Meanwhile, the Government decided to open an Embassy in the Spanish capital of Madrid. It was a correct decision. It had probably to be taken by the previous government, much earlier. We hope the team that will go to Madrid will cope with the logistic problems related to the opening of the Embassy and with the diplomatic tasks, including ensuring a stable and efficient dialogue with Madrid.
Info-Prim-Neo: How will the relations with other partners develop in 2010?
Victor Chirila: Preconditions were created in the second half of last year to make changes in the relations with most of our partners this year. But this does no mean that it will definitely happen. It depends on the internal situation.
The development of the negotiations and the quality of the dialogue with the EU and the U.S. will depend on the reforms that the Moldovan authorities pledged to implement.
Premier Vlad Filat’s visit to Washington set to take place this month has another aim than to sign the Compact agreement with the Millennium Challenge Corporation. The major aim of the visit is to transmit the message that Moldova wants another type of relations with the U.S., based on strategic partnership.
It wouldn’t be easy to achieve this desideratum for a number of reasons. First of all, Moldova does not have a strategic value for the U.S. as it is a small country that does not have natural resources vital for any economy (oil and gas) and is not located in a geographic zone important to the United States. But this does not mean that the U.S. is not interested in the political events and developments in Moldova. On the contrary, it wants that our country and the region where it is situated promote democratic values and enjoy political and economic stability. Therefore, the U.S. will assist the Government of Moldova in achieving the objectives that coincide with those of the U.S. Government.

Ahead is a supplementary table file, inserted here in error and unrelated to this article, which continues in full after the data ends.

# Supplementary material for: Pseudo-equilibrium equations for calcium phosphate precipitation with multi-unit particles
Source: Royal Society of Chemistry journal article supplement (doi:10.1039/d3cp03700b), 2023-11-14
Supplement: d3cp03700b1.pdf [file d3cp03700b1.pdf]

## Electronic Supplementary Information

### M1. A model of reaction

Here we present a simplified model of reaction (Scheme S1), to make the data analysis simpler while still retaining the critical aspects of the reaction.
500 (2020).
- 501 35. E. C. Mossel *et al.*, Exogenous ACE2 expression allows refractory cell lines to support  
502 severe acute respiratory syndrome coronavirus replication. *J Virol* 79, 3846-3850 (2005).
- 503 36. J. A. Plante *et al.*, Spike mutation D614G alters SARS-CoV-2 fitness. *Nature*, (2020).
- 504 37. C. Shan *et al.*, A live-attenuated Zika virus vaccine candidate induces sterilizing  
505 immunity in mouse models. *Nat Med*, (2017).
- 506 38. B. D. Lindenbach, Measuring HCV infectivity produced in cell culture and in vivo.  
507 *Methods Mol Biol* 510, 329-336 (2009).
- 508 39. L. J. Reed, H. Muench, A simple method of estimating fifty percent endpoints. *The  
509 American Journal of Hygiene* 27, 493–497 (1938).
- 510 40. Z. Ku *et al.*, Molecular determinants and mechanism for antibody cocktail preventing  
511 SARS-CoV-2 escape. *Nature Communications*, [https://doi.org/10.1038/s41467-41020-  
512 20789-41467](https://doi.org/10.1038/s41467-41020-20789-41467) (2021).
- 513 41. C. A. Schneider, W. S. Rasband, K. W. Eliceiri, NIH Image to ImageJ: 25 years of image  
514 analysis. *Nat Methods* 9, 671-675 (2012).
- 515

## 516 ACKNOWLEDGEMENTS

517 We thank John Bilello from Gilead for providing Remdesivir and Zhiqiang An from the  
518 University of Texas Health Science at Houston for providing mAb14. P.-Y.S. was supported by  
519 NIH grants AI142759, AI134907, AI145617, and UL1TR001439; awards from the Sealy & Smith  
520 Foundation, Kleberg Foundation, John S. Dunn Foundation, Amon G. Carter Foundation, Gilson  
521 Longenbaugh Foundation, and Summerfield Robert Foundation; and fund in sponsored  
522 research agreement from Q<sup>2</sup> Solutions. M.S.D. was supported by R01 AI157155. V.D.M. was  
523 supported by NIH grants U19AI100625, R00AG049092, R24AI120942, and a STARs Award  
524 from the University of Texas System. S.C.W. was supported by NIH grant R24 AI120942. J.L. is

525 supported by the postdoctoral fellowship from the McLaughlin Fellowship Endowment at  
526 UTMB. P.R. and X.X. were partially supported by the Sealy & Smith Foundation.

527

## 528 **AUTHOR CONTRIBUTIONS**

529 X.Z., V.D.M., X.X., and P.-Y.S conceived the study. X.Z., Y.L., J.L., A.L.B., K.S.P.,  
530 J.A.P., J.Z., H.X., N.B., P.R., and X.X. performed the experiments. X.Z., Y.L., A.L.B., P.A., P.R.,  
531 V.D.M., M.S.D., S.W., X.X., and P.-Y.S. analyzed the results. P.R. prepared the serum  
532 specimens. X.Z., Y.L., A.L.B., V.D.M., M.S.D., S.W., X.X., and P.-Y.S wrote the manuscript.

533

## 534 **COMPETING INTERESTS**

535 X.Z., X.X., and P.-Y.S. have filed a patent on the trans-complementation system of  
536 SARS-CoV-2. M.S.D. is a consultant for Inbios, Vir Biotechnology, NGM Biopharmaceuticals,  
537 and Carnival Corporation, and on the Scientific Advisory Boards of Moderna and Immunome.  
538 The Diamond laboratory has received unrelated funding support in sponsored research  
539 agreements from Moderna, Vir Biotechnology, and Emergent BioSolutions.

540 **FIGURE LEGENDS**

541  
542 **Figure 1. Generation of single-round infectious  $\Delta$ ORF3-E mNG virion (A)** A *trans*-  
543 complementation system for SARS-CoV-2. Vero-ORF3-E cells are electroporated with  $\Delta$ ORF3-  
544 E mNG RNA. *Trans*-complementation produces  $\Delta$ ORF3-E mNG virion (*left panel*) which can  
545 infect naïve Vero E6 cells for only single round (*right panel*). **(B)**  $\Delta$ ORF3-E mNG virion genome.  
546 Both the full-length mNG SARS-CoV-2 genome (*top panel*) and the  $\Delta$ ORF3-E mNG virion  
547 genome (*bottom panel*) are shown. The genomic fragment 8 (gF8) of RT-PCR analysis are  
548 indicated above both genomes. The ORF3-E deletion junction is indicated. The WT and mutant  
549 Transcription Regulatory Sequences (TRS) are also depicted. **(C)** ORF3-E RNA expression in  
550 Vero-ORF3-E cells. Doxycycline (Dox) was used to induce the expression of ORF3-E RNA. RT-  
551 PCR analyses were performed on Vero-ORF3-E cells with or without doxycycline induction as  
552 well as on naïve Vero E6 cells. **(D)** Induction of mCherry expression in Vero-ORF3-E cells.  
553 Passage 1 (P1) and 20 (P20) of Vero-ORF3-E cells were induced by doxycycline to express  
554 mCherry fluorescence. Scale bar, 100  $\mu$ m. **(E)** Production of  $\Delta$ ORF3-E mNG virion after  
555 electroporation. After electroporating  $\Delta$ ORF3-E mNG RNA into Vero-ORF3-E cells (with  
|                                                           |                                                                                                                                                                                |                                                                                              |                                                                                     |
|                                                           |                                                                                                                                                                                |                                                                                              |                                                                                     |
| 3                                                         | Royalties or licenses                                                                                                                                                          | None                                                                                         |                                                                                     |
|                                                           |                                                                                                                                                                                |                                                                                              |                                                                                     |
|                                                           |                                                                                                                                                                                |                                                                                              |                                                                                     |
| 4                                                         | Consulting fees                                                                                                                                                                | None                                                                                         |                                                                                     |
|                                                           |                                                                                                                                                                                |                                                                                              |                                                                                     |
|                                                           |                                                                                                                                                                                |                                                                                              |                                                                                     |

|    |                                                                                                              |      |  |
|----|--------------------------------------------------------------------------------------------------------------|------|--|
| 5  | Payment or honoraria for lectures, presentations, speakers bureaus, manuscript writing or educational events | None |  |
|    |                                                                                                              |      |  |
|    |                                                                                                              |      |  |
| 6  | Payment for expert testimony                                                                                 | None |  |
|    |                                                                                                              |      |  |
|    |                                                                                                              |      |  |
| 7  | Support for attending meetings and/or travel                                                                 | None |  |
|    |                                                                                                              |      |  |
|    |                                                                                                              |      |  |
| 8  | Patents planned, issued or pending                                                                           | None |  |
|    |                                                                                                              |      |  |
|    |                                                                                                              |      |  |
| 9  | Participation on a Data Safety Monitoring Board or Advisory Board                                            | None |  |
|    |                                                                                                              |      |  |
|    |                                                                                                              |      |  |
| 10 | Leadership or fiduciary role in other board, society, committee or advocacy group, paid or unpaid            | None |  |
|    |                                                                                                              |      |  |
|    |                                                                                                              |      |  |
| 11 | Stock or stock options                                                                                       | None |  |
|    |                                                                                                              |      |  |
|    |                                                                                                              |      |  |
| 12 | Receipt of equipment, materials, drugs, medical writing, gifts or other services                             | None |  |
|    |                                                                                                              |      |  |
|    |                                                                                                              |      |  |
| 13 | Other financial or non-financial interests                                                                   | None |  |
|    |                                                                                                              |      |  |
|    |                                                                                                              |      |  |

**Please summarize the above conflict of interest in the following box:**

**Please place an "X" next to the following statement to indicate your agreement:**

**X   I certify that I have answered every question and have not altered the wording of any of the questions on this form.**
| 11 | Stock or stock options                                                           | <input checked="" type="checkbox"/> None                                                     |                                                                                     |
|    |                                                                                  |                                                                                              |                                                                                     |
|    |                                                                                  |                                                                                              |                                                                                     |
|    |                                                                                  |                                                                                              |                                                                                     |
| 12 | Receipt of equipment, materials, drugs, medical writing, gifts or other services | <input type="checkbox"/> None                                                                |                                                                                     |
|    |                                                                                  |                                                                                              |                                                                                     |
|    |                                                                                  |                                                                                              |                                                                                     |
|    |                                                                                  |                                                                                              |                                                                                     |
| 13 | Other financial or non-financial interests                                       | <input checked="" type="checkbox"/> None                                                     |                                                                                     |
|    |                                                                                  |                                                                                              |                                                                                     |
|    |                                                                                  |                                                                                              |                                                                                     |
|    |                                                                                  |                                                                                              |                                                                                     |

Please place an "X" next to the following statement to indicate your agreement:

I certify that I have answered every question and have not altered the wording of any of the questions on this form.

We should not expect that the strategic partnership will appear immediately after Vlad Filat’s visit to Washington. It will be established only if it is based on a common view that will represent a synergy of Moldova’s interests and the interests of the United States in our region. Such an opinion was expressed by the U.S. Vice President Joe Biden during his visit to Bucharest in 2009. He said that the U.S. will help Moldova implement reforms that will bring it closer to the Euro-Atlantic world. It was a very clear message.
In the relations with Russia, there are many subjective problems that can have a negative impact. A lot depends on the dialogue that the Moldovan authorities will continue with the Russian ones and on how correctly the Russian authorities will be informed about the realities and events in Moldova. We should not yet neglect Russia’s plans in our country, which are not always clear. If early elections take place in Moldova, Russia will be tempted to support certain forces to the detriment of others. Such a game can destabilize the fragile political situation in Chisinau. Nothing is certain in the relations with Russia. Certain factors can either ensure a coherent dialogue or destabilize it.
I think 2010 will be a productive year for our cooperation with Romania. Until the Alliance for European Integration exists and there are no problems inside it, the relations with Romania will develop steadily. I think we will be able to solve two important problems – sign the European partnership agreement with Romania that will reflect the essence of our historical, ethnical, political, economic and cultural relations, and the Border Treaty, which must be purely technical, not political.
In the relations with Ukraine, I think the situation will become clearer after the presidential elections that will take place in the neighboring country this month. No matter who wins them, the European integration will remain a priority for Ukraine. The official Kiev wants to sign an Association Agreement as soon as possible and liberalize the visa regime with the EU and this favorable conjuncture must be used by the official Chisinau to find compromise solutions to problems concerning the demarcation of the Moldovan-Ukrainian border on the Transnistrian segment, involving the EU to a greater extent. The EU’s assistance will be fructified fully only if the Moldovan and Ukrainian authorities show political will to solve the existing bilateral problems.